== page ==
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Ten Concepts Detroit Should Have Built Page 3


The 1999 and 2004 Nomad concepts are occasionally on display at The General Motors Heritage Collection.

 

Revisit the recent Nomad concept

 

 

Lincoln Continental, 2002

2002 Lincoln Continental concept

2002 Lincoln Continental concept

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Few production designs age as gracefully as the 1961-63 Lincoln Continental. Its clean, restrained lines still stand out as the antithesis of the finned and chromed beasts that preceded it. As the Continental progressed through the decades, it lost its styling edge. But when the Continental concept debuted at the Los Angeles Auto Show in January of 2002, it was clear somebody in Dearborn found what was once lost.

 

In the two weeks that separated the L.A. show from the Detroit Auto Show, Ford Motor Company announced the results of one of their many restructuring plans. The production Continental was canceled, making the concept a PR nightmare … "Gee, Mr. Ford, you just killed the Continental, what's this concept about?" For the Detroit show, the newly out-of-the-spotlight concept was shunned and parked in a dark corner of the Lincoln display.

 

Lincoln is still struggling to find its way in terms of design. The MKR that debuted in Detroit this past January, while attractive, looks far more contrived than the 2002 Continental. With the success of Ford's current Mustang, how much better off would Lincoln have been had they taken the historically inspired path with this Continental? With the average Lincoln Mercury dealer selling fewer than half a dozen cars per month, the company probably wouldn't be worse off.

 

The 2002 Continental is stored at a facility near Ford's World Headquarters in Dearborn, Michigan.

 

More on Lincoln’s 2002 Continental concept

 

 

Cadillac Sixteen, 2003

2003 Cadillac Sixteen concept

2003 Cadillac Sixteen concept

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It is hard to imagine that ex-GM Design Chief Wayne Cherry was responsible for both the production Aztek and the Cadillac Sixteen luxury-sedan concept. Talk about schizophrenic.

 

Meant to spearhead Cadillac's phoenix-like rise from the abyss, under its gullwing hood purrs a V-16 engine displacing 13.6 liters and producing an incredible 1000 horsepower and 1000 lb-ft of torque. The Sixteen is an evocation of Cadillac's heritage, with 24-inch tires, a super-luxurious cabin that seats four, an all-glass roof, invisible B-pillars, and extensive use of real crystal for both interior and exterior decor.

 

At this point, production for the Sixteen has been officially ruled out, but even the most myopic can tell that its grille and vertical headlamps have influenced current Cadillac design language. Unlike Volkswagen, with their misguided Phaeton, Cadillac could have pulled off the Sixteen. Cadillac has the history (including a V-16 engine in its past) to pull off such a move with genuine legitimacy. Too bad they didn't give it a try.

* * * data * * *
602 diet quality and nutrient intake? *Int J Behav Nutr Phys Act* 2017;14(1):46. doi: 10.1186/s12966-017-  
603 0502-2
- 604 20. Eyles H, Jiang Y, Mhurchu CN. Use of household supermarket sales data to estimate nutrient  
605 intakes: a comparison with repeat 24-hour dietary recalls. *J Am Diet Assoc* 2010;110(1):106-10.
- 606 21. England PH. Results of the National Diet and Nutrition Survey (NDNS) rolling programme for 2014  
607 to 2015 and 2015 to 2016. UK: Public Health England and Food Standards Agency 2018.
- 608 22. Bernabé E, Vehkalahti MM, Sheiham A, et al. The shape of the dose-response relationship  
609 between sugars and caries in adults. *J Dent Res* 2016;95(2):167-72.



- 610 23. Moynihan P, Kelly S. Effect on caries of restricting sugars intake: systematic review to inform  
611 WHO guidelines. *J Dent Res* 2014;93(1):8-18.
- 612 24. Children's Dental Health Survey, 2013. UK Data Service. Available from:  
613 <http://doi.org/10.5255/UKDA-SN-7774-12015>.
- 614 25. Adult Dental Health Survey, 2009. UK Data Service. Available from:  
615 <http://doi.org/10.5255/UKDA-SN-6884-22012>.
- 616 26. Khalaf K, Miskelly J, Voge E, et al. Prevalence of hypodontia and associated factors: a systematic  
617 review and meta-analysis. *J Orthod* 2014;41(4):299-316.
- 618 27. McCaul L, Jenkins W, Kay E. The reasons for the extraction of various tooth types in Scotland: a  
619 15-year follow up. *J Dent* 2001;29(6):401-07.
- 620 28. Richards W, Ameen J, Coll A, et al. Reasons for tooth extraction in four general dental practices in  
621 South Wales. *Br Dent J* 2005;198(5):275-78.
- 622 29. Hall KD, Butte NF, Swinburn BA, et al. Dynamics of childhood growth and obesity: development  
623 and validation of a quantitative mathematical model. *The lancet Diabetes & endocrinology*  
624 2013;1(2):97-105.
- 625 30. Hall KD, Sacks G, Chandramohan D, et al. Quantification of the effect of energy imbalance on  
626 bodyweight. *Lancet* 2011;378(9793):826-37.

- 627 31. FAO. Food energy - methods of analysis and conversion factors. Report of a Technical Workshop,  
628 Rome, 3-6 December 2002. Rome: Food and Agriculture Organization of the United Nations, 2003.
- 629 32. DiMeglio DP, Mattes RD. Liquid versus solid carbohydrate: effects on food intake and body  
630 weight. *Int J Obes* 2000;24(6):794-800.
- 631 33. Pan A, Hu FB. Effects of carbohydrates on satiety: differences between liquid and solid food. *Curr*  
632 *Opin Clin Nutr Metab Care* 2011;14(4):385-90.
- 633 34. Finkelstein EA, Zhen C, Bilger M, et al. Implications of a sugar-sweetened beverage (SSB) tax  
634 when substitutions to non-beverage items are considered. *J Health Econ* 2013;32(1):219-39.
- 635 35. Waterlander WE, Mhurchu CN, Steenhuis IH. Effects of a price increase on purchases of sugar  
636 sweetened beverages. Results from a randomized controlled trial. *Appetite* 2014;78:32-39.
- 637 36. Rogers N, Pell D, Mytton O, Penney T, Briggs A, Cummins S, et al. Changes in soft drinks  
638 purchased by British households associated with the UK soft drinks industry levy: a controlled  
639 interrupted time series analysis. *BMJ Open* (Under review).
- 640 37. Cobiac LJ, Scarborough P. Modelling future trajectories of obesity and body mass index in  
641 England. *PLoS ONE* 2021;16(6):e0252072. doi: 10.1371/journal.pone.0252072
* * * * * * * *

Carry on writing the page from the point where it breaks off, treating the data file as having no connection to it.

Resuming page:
The Sixteen is occasionally on display at The General Motors Heritage Collection.

 

We drive Cadillac’s Sixteen concept

 

 

Ford Reflex, 2006

2006 Ford Reflex concept

2006 Ford Reflex concept

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Automotive Gnostics from New York (sorry, is that snickering I hear?) have predicted the imminent death of Ford Motor Company (plus GM and Chrysler) more times than we care to remember. Helping demonstrate that FoMoCo has life within is the show-stopping Reflex, introduced at the annual Detroit auto show in 2006.

 

Most obvious, the coupe's styling looks like nothing else, mercifully achieved without resorting to the cartoonish or weird. The bold, stepped rear fenders give this small car an impressively solid stance. While the butterfly doors would certainly never make production, one can easily envision this shape making production with standard portals.

 

What's more remarkable than the efficient design (it seats two up front and one in the rear), is the diesel-electric hybrid powertrain. The hybrid combo drives the front wheels, while an electric motor drives the rear axle, giving the little sports car all-wheel drive. Integrated solar panels to top off the on-board lithium-ion battery pack while parked. With the powertrain skewed toward delivering torque, the Reflex promised great off-the-line acceleration. Ford expected fuel economy to reach 65 mpg.

 

We actually drove the Reflex in the late spring of 2006. The dramatic butterfly doors open only so far, meaning you have to duck while climbing in. Once inside, everything is concept-car phony … for looks only. As a matter of fact, the team responsible for the car didn't even have time to install the working diesel-electric powertrain that Ford engineers developed and tested. The Reflex moves under the power of a golf-car motor. Steering is likewise cobbled together, as the chassis bears no resemblance to anything in Ford's production stable. The result was a less than fanciful drive, but just seeing the car is enough to know what "could be" if the Reflex were brought to market. It's not too late, Ford.

 

Currently, the Reflex is still making appearances at industry functions and auto shows.

 

More on the Ford Reflex concept

 

DISCUSS: Which Concept Cars Should Be Built?

 

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